The saver's credit is figured on Form 8880, Credit for Qualified Retirement Contributions. Because the saver's credit is limited to ordinary income tax liability, not employment tax liability, and because other credits come before the saver's credit on Form 1040, those credits listed prior to the retirement savings contribution credit, such as the child tax credit, dependent care credit, American opportunity credit, and the lifetime learning credit, will limit the credit available. As a result, the average credit is less than $250.

Example: How Larger Retirement Contributions Can Greatly Increase Tax Savings

Although the saver's credit is limited to 50% of a $2000 contribution, the following example shows how a higher contribution can, nonetheless, significantly increase the allowable credit by decreasing AGI. Note that there is a $1500 difference between the maximum AGI for the 50% credit and the minimum AGI for the 10% credit. Note also that any distributions received for the current tax year, up to the due filing date, or the excess of distributions over contributions in the 2 previous years, must be subtracted from the current year contribution amount. However, if the difference between the contribution amount and the distributions is at least $2000, then it will not decrease the credit. The reason for this excess distributions provision is to prevent taxpayers from gaming the system, by claiming the saver's credit, then withdrawing the money later.

Example: Comparing the Saver's Credit at Different AGIs Resulting from Different Contribution Amounts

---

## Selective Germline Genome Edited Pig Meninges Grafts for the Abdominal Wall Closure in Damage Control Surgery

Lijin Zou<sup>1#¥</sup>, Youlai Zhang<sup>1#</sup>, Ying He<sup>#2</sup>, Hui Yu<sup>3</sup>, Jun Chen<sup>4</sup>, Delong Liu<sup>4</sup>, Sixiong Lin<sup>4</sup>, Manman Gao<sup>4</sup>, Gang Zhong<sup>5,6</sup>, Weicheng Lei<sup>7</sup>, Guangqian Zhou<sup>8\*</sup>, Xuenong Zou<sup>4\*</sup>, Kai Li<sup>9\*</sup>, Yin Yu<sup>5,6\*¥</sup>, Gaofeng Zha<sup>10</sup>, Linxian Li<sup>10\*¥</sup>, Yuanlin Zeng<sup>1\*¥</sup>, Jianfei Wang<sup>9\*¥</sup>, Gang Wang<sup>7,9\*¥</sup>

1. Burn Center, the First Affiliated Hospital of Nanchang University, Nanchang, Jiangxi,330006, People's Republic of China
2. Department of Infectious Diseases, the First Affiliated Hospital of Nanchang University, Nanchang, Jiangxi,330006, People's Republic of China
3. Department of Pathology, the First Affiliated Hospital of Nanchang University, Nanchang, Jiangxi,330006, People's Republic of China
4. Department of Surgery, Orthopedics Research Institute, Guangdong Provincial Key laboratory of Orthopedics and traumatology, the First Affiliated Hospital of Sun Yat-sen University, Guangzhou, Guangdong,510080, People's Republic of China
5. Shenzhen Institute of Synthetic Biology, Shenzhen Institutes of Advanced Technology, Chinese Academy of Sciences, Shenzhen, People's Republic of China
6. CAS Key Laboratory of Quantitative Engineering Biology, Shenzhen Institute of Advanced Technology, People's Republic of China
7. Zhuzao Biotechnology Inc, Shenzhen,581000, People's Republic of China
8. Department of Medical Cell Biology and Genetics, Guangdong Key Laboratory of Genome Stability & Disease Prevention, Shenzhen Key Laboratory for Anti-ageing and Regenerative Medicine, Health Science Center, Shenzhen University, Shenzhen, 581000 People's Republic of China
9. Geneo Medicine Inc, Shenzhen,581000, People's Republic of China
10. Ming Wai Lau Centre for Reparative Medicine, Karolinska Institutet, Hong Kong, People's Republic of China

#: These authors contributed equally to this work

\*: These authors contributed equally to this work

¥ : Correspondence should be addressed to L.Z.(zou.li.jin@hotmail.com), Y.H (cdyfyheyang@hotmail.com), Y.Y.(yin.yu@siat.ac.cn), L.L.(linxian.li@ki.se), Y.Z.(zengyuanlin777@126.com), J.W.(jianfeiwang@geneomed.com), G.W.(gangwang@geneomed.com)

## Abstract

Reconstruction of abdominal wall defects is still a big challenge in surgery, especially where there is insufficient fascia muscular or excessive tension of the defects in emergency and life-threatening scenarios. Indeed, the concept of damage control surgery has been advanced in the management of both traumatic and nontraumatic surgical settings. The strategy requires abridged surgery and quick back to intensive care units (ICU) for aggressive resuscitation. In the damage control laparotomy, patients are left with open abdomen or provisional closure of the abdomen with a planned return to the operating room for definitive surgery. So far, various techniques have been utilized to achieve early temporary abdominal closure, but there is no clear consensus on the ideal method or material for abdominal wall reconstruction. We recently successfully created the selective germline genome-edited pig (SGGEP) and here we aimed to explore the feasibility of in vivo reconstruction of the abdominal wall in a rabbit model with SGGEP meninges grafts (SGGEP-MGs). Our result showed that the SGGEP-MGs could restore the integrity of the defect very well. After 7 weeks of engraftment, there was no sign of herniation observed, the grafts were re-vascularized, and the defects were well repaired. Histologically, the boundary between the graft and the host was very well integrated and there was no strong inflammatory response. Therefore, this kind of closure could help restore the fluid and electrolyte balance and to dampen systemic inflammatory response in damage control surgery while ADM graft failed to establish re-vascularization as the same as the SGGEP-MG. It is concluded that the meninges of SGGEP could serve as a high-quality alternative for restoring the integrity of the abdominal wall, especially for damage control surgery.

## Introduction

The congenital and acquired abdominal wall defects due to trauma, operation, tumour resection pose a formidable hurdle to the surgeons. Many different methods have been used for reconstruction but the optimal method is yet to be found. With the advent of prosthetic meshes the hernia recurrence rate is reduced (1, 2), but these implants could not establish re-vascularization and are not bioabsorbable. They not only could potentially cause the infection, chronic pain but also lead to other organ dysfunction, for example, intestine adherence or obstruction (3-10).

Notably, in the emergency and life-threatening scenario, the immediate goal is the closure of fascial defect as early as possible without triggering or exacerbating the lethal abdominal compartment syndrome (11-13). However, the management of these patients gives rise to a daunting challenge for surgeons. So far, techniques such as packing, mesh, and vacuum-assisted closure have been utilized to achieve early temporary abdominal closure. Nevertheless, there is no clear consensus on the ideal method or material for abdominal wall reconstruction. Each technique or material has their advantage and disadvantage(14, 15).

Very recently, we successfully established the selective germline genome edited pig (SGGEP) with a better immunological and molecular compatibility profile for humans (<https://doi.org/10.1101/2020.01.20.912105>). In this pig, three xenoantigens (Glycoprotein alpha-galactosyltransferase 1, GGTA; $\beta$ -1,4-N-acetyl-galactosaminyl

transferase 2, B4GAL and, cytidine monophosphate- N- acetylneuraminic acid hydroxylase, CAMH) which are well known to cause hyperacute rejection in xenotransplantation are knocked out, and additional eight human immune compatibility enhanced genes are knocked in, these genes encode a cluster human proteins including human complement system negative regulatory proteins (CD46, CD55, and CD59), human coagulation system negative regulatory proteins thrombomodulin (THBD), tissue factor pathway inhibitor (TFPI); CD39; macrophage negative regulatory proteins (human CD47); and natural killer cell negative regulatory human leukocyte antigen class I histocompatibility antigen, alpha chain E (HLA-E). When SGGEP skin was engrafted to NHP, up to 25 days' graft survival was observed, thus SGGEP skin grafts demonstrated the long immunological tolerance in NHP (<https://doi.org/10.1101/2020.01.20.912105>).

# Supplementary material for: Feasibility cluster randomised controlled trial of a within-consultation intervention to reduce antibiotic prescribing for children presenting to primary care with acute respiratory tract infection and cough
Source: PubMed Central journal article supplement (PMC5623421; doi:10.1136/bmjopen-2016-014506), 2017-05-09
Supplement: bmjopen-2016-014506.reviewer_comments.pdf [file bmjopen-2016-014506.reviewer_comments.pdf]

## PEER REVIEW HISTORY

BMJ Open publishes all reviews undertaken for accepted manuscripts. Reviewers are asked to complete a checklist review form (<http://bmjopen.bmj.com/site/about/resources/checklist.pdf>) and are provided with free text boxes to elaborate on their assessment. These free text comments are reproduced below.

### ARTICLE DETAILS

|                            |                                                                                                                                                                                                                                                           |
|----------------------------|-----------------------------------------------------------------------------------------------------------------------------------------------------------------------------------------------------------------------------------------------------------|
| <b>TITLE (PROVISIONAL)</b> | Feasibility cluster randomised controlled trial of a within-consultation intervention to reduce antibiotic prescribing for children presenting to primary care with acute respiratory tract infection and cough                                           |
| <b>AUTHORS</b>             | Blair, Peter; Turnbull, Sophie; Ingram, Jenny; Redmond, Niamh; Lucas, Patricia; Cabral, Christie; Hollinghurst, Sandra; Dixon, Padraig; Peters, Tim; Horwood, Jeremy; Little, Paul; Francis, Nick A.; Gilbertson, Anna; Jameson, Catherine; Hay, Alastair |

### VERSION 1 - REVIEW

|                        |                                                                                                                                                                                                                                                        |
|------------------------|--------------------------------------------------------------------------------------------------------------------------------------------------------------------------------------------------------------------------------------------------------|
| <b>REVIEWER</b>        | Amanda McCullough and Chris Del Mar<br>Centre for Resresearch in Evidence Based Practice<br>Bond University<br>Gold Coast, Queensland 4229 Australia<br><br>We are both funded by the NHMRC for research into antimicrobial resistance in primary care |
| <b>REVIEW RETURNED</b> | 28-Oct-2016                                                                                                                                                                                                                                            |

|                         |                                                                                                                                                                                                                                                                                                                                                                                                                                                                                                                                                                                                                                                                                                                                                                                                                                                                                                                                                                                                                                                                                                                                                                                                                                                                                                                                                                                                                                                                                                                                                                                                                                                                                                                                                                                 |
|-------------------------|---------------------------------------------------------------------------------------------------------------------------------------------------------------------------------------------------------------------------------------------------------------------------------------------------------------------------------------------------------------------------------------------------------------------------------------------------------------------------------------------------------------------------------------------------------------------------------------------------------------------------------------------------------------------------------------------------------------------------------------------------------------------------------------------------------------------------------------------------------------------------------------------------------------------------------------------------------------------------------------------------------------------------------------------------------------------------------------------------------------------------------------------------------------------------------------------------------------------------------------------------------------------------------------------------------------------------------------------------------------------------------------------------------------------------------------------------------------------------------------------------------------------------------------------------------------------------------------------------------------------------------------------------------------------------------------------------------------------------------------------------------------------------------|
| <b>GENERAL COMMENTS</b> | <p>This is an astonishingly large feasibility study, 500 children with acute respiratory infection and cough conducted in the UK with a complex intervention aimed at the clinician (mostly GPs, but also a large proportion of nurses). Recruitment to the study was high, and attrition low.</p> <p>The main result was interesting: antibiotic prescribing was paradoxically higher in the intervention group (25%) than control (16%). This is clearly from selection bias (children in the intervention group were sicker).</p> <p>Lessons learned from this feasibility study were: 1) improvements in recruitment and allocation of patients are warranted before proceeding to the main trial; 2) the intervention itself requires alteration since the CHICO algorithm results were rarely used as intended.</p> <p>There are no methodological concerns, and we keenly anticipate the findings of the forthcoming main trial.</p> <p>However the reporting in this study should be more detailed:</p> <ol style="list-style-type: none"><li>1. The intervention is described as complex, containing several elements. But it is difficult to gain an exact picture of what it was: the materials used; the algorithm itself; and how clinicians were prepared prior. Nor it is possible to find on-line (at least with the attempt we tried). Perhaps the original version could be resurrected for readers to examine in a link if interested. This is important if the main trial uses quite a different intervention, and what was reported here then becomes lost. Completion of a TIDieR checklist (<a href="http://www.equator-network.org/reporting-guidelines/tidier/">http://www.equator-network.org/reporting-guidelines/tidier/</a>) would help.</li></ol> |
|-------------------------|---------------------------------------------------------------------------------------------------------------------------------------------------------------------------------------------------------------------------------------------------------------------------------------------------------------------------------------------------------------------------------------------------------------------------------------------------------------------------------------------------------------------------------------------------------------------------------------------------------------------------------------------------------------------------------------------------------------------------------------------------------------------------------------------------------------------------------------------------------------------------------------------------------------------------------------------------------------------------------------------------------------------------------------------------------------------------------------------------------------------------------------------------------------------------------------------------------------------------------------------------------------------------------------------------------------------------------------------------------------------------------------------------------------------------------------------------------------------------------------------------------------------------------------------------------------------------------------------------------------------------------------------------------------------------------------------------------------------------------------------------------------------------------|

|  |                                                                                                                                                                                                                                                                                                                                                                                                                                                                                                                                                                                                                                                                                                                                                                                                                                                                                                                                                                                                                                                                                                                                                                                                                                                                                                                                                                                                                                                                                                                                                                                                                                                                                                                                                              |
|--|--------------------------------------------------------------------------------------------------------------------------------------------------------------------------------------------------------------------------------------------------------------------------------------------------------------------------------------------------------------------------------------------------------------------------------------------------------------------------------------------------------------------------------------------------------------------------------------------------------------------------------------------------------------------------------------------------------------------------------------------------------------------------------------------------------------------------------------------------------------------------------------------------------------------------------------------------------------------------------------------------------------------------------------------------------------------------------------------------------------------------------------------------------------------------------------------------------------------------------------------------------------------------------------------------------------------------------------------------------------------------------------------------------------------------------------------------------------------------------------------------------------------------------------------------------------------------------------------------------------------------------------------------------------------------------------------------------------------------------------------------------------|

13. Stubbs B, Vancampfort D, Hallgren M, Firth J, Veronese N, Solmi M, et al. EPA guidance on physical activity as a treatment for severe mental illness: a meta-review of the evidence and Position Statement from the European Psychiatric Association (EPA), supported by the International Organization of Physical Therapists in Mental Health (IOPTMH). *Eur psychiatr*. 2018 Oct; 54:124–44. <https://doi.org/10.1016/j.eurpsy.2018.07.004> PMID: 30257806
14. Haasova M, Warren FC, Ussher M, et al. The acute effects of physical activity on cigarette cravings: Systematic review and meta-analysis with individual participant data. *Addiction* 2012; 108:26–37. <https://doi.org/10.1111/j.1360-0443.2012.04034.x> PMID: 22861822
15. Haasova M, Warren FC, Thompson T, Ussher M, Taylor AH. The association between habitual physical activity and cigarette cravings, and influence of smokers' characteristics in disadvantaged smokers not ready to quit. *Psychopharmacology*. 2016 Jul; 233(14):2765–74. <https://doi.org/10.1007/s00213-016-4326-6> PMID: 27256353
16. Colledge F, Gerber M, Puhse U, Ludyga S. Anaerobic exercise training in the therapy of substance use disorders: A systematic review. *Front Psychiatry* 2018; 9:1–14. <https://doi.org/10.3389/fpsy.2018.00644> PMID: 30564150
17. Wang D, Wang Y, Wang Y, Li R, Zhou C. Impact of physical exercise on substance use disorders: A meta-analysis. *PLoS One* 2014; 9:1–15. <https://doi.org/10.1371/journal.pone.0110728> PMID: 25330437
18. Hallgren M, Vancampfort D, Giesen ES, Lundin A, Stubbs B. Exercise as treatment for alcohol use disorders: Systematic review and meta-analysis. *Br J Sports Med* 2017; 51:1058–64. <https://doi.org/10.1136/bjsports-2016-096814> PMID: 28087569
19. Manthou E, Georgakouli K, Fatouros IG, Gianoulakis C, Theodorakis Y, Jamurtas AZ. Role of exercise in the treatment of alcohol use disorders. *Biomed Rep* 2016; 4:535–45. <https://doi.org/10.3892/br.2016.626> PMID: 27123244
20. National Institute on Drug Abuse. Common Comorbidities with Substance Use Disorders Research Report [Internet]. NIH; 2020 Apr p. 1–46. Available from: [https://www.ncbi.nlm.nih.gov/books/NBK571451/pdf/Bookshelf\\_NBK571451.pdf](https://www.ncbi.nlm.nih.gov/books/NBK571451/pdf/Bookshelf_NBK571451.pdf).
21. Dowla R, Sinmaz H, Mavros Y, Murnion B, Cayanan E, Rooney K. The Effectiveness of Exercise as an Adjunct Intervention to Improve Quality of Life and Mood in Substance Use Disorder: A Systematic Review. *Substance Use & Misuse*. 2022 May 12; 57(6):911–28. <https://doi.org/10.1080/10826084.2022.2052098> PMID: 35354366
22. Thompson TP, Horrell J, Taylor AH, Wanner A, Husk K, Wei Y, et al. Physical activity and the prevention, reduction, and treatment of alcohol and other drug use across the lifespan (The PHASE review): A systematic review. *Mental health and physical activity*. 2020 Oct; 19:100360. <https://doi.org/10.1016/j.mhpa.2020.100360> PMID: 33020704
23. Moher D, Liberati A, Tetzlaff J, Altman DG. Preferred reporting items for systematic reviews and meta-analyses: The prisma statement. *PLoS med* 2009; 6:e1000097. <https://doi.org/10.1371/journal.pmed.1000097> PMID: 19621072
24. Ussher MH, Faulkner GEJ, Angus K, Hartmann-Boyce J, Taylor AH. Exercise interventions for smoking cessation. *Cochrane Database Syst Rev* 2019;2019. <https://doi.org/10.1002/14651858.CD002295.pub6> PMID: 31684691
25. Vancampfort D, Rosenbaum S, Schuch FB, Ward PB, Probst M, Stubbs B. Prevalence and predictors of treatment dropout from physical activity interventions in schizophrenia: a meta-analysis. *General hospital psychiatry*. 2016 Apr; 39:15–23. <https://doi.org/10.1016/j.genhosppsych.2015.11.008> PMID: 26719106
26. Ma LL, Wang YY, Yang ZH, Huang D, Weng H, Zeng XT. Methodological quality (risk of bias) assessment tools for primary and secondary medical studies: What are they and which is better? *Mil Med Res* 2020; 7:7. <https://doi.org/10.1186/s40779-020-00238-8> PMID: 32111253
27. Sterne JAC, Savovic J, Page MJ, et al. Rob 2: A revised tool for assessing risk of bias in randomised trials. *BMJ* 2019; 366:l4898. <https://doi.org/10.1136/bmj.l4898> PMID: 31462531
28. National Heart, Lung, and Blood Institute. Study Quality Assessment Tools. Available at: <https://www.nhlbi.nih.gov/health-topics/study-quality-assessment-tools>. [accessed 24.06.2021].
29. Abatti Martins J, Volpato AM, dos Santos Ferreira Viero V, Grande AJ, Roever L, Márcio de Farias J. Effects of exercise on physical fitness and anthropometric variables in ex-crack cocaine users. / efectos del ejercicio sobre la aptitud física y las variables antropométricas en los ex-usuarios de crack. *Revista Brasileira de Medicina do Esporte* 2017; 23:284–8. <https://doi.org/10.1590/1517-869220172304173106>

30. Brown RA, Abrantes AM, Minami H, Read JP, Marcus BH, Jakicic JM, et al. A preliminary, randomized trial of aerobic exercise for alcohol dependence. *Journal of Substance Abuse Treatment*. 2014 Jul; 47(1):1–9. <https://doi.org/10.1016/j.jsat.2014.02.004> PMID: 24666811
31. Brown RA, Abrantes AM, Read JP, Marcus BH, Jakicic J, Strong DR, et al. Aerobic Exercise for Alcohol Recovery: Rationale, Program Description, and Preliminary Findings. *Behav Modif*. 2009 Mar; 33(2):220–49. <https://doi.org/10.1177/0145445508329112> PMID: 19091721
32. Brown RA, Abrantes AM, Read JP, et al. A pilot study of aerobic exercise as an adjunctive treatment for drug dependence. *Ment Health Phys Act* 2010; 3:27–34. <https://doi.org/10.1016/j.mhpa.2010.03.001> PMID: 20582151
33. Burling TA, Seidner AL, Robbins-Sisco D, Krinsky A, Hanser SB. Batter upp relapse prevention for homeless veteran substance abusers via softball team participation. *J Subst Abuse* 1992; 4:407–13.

Given: 2015 tax year, single filing status, 50 years old 50% Credit 20% Credit 10% Credit
On Form 1040, U.S. Individual Income Tax Return
IRA Contribution (increasing the contribution decreases AGI, thereby increasing the credit %)$6,500$5,500$4,500
Adjusted Gross Income (Determines credit %)$18,000$19,000$20,000
Standard Deduction$6,300$6,300$6,300
Personal Exemption$4,000$4,000$4,000
Taxable Income$7,700$8,700$9,700
Tax (Line 44)$770$870$970
On Form 8880, Credit for Qualified Retirement Contributions
IRA Contribution$6,500$5,500$4,500
Excess of Distributions Over Contributions in Prior 2 Years and Current Year, Up to Due Date
 (2013 to 2015)
Qualified Contribution = IRA Contribution - Distributions =$6,500$3,000$2,000
Credit Base = Greater of Qualified Contribution or $2,000$2,000$2,000$2,000
On Form 8880: AGI Limits, Credit %: $18,250, 50%; $19,750, 20%; $30,500, 10%
Maximum Credit = Credit Base × Credit %$1,000$400$200
Tax Liability$770$870$970
Allowable Credit = Lesser of Maximum Credit or Tax Liability$770$400$200

The saver's credit is transferred to the Tax and Credits section of Form 1040. After that section comes the Other Taxes, where, if applicable, the self-employment tax and the healthcare individual responsibility payment, among other possible taxes, are added to the tax liability, which is why the saver's credit cannot be used to offset those taxes.